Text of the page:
More than 100 people have sought Taylor’s help in the past two years, and he said a majority of them are succeeding, although an individual’s success is dependent on their own motivation. Taylor emphasizes that Desert Eagle Addiction Recovery not only serves his clients, but also helps him maintain his sobriety as well. “Everything I do is more therapeutic for me than I can even explain,” he said.
Another key to his recovery is his civic involvement. In addition to his business, Taylor is a member of the Rotary Club, the Safford Lions Club, is the chair of the recovery branch of the Substance Abuse Coalition, and, in May 2015, he realized a childhood dream of becoming a Safford firefighter. But Taylor did not stop there.
On Monday night, his grandfather Dick Bingham swore Taylor in to be a new Safford City Council member. Taylor said he wants to use his position to help de-stigmatize addiction. When he first shared his idea to run for city council, not everyone saw him as a serious candidate. People told him, ‘You can’t do this yet, you need to be clean for 10 years, or 20 years.’ Taylor disagreed. “When you change your life, you change your life,” he said.
Careful to not hide from his past, Taylor worked to erase the stigma of addiction through his platform as a candidate. Without polls, Taylor had few metrics to gauge his progress. By relying on his civic experience in the Afghan villages, Taylor worked hard and surprised himself by earning the most votes on election night.
“It was unreal, because I had no idea,” he said.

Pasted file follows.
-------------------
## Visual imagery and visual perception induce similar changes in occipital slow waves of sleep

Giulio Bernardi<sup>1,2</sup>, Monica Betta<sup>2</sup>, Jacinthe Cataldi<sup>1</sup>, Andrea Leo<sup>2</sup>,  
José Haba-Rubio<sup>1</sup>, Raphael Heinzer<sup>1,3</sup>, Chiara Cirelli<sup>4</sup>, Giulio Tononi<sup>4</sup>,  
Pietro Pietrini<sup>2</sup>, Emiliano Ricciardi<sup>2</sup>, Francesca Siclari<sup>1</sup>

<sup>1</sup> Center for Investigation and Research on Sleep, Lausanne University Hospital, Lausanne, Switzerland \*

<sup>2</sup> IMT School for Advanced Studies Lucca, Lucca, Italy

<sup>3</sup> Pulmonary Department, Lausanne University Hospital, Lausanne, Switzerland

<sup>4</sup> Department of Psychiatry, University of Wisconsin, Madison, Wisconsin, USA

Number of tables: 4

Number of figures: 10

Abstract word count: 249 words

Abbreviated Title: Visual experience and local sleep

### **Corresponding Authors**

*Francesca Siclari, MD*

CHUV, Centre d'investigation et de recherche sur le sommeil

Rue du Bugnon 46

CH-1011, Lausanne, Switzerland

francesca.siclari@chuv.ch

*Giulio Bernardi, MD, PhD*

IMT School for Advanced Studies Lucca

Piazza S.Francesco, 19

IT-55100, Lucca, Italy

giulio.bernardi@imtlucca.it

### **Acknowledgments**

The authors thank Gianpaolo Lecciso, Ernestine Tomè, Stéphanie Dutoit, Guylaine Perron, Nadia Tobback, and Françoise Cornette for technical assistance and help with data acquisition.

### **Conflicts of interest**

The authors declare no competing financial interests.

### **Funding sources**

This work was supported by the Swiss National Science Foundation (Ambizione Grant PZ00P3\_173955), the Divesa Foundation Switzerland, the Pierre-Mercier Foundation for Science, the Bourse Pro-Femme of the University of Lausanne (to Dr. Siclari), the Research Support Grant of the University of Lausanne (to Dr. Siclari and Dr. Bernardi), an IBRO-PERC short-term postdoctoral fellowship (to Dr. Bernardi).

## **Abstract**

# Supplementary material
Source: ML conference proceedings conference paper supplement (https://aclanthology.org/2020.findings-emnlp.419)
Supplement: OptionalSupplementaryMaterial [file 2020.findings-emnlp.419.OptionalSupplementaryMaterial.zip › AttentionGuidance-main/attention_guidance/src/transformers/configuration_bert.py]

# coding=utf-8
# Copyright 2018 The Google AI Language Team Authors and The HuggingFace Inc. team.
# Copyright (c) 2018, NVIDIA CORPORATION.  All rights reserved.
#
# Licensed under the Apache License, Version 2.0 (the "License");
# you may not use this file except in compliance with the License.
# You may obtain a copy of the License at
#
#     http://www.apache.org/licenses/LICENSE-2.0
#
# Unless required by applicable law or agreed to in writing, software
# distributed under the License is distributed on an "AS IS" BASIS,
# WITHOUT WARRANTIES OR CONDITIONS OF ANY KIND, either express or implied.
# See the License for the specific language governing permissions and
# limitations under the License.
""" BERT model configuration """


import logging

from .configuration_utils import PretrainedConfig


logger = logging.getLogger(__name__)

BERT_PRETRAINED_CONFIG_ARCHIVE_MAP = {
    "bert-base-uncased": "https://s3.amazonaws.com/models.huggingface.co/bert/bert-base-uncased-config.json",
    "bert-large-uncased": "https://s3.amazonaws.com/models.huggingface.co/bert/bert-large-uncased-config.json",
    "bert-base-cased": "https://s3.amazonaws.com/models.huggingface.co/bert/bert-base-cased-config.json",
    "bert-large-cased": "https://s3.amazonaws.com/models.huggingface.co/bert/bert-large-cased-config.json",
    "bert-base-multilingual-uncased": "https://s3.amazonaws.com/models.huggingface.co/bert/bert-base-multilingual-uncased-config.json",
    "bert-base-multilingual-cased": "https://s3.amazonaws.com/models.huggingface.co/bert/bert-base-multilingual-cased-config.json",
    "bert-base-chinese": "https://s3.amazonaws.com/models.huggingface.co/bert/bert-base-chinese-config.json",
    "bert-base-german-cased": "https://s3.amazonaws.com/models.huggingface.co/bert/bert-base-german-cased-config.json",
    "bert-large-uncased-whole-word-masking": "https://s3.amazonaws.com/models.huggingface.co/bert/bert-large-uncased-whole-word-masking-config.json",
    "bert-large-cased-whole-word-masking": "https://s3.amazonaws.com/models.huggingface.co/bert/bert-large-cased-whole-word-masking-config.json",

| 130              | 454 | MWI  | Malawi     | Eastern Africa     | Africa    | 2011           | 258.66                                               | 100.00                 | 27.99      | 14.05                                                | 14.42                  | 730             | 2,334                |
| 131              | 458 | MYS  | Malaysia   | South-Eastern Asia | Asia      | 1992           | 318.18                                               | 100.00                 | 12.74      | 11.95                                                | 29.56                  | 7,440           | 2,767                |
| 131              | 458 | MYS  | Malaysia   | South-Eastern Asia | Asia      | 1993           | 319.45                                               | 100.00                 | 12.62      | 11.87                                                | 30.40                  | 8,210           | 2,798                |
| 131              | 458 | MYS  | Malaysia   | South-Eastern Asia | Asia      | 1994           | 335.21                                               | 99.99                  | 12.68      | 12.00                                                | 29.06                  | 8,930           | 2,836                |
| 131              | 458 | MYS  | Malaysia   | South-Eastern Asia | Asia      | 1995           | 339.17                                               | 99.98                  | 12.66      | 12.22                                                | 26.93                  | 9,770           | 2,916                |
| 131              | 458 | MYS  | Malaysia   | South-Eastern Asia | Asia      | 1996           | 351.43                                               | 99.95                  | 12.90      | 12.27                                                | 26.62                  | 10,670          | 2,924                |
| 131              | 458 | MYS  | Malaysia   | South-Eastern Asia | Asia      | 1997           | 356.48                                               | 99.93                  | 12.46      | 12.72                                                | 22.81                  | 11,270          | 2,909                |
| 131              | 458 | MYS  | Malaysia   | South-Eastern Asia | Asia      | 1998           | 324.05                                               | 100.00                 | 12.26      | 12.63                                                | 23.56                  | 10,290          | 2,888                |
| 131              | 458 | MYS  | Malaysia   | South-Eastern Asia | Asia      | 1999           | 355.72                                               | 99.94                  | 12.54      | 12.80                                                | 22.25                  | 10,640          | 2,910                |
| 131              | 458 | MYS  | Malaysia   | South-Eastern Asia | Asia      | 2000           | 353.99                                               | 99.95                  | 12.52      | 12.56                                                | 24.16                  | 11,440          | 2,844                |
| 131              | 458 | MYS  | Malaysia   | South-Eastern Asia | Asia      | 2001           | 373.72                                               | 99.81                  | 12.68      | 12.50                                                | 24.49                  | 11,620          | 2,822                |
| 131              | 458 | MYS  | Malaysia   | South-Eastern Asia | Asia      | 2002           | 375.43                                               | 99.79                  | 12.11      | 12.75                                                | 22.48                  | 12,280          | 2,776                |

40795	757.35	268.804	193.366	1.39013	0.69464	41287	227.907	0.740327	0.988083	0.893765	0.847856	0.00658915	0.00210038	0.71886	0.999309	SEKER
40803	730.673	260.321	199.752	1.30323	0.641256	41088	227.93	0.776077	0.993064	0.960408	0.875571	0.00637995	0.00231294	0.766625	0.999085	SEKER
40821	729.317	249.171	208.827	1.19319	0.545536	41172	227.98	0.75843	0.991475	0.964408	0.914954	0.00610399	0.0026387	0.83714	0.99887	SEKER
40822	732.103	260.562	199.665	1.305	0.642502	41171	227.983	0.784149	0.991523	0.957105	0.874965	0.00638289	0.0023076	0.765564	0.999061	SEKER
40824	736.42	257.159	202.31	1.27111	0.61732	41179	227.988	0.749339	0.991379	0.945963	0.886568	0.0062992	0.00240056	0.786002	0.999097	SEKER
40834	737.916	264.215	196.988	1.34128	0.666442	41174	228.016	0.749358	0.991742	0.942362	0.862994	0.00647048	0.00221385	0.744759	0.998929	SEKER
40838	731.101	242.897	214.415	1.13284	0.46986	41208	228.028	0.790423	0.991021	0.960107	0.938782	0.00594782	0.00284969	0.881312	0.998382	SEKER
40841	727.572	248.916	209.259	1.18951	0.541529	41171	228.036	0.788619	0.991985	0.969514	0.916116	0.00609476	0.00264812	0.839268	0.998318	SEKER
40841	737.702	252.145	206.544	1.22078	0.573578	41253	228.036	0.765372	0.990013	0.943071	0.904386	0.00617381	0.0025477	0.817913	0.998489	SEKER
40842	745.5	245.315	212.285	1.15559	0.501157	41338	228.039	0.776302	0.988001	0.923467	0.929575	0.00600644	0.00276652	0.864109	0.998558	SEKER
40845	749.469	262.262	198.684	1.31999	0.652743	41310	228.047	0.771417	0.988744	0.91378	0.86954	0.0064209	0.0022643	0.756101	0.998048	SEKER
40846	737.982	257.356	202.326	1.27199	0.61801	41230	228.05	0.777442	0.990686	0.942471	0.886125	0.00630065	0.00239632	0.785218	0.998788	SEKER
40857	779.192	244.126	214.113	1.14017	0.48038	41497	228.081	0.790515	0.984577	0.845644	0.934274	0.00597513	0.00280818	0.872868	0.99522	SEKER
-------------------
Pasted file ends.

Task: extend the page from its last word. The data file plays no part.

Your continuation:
Taylor has the same goals for his time in office as for his business. He wants three things: to be more effective at cracking down on high-level dealers and helping users; to make addiction treatment more available and affordable and to erase the stigma of addiction.
“Addiction is not a moral failing,” Taylor said, adding that many people do not initially seek drugs for fun or rebellion, but instead come to drug abuse from legitimate injuries or other sources of trauma.
Family is critical for Taylor. Without strong role models like his grandfather and his father, Taylor would not have seen any of this success.
“My father, Tim Taylor, has been the biggest positive influence in my life,” he said. “Without my entire family, I would still be lost.”
Although he still struggles with nightmares and other PTSD symptoms, Taylor has learned to resort to healthy coping mechanisms. Taylor says Jesus died not only to take away sins, but to take away the burdens of this life. Every morning he reminds himself to let go of his burdens.
“I have to wake up and be willing to give that away to Him, because if not, you can fall back very very quickly,” he said.
Taylor also remembers his dream from the California hospital.
“When I see my daughter and my wife, that’s what I always wanted; just a beautiful family that I could support, provide for, protect and raise the same way I was raised.”